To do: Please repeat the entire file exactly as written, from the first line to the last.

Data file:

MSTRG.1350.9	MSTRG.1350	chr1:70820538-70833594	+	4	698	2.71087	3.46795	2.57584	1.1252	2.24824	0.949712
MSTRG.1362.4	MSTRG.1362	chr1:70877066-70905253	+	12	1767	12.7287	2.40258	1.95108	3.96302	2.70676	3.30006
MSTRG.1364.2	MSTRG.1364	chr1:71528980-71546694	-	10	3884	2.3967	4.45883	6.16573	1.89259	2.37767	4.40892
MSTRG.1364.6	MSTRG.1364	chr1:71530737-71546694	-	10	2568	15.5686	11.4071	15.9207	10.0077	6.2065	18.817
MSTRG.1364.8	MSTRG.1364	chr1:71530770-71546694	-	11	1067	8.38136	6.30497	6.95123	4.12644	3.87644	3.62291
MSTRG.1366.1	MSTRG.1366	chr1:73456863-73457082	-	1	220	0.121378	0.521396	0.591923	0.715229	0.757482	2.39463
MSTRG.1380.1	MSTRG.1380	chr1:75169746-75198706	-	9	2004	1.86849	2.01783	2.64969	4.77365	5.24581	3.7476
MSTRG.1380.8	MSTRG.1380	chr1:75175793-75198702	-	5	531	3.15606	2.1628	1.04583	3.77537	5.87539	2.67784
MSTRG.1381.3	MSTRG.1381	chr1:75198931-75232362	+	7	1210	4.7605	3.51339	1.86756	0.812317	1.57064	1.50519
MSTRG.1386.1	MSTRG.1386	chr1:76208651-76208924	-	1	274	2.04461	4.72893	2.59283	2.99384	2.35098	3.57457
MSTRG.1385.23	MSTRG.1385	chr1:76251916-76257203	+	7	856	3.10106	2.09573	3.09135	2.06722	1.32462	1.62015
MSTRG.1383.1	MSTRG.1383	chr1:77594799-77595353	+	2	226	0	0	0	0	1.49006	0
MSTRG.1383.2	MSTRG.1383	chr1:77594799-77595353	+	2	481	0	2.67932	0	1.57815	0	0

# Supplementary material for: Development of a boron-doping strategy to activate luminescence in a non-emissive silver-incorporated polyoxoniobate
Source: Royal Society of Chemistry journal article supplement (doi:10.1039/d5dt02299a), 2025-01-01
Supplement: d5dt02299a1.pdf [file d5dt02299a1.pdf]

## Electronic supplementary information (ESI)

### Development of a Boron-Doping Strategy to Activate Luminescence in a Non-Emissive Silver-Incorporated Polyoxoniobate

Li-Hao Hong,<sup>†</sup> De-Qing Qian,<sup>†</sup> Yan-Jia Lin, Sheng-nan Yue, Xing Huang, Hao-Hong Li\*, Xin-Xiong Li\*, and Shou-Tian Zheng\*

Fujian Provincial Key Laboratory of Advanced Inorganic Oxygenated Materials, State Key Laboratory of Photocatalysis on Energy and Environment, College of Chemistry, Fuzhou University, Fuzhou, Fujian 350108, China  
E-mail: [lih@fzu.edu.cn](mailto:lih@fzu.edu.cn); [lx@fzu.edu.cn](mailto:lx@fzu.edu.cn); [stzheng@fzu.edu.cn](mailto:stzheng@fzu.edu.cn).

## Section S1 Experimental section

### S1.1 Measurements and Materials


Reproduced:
MSTRG.1350.9	MSTRG.1350	chr1:70820538-70833594	+	4	698	2.71087	3.46795	2.57584	1.1252	2.24824	0.949712
MSTRG.1362.4	MSTRG.1362	chr1:70877066-70905253	+	12	1767	12.7287	2.40258	1.95108	3.96302	2.70676	3.30006
MSTRG.1364.2	MSTRG.1364	chr1:71528980-71546694	-	10	3884	2.3967	4.45883	6.16573	1.89259	2.37767	4.40892
MSTRG.1364.6	MSTRG.1364	chr1:71530737-71546694	-	10	2568	15.5686	11.4071	15.9207	10.0077	6.2065	18.817
MSTRG.1364.8	MSTRG.1364	chr1:71530770-71546694	-	11	1067	8.38136	6.30497	6.95123	4.12644	3.87644	3.62291
MSTRG.1366.1	MSTRG.1366	chr1:73456863-73457082	-	1	220	0.121378	0.521396	0.591923	0.715229	0.757482	2.39463
MSTRG.1380.1	MSTRG.1380	chr1:75169746-75198706	-	9	2004	1.86849	2.01783	2.64969	4.77365	5.24581	3.7476
MSTRG.1380.8	MSTRG.1380	chr1:75175793-75198702	-	5	531	3.15606	2.1628	1.04583	3.77537	5.87539	2.67784
MSTRG.1381.3	MSTRG.1381	chr1:75198931-75232362	+	7	1210	4.7605	3.51339	1.86756	0.812317	1.57064	1.50519
MSTRG.1386.1	MSTRG.1386	chr1:76208651-76208924	-	1	274	2.04461	4.72893	2.59283	2.99384	2.35098	3.57457
MSTRG.1385.23	MSTRG.1385	chr1:76251916-76257203	+	7	856	3.10106	2.09573	3.09135	2.06722	1.32462	1.62015
MSTRG.1383.1	MSTRG.1383	chr1:77594799-77595353	+	2	226	0	0	0	0	1.49006	0
MSTRG.1383.2	MSTRG.1383	chr1:77594799-77595353	+	2	481	0	2.67932	0	1.57815	0	0

# Supplementary material for: Development of a boron-doping strategy to activate luminescence in a non-emissive silver-incorporated polyoxoniobate
Source: Royal Society of Chemistry journal article supplement (doi:10.1039/d5dt02299a), 2025-01-01
Supplement: d5dt02299a1.pdf [file d5dt02299a1.pdf]

## Electronic supplementary information (ESI)

### Development of a Boron-Doping Strategy to Activate Luminescence in a Non-Emissive Silver-Incorporated Polyoxoniobate

Li-Hao Hong,<sup>†</sup> De-Qing Qian,<sup>†</sup> Yan-Jia Lin, Sheng-nan Yue, Xing Huang, Hao-Hong Li\*, Xin-Xiong Li\*, and Shou-Tian Zheng\*

Fujian Provincial Key Laboratory of Advanced Inorganic Oxygenated Materials, State Key Laboratory of Photocatalysis on Energy and Environment, College of Chemistry, Fuzhou University, Fuzhou, Fujian 350108, China  
E-mail: [lih@fzu.edu.cn](mailto:lih@fzu.edu.cn); [lx@fzu.edu.cn](mailto:lx@fzu.edu.cn); [stzheng@fzu.edu.cn](mailto:stzheng@fzu.edu.cn).

## Section S1 Experimental section

### S1.1 Measurements and Materials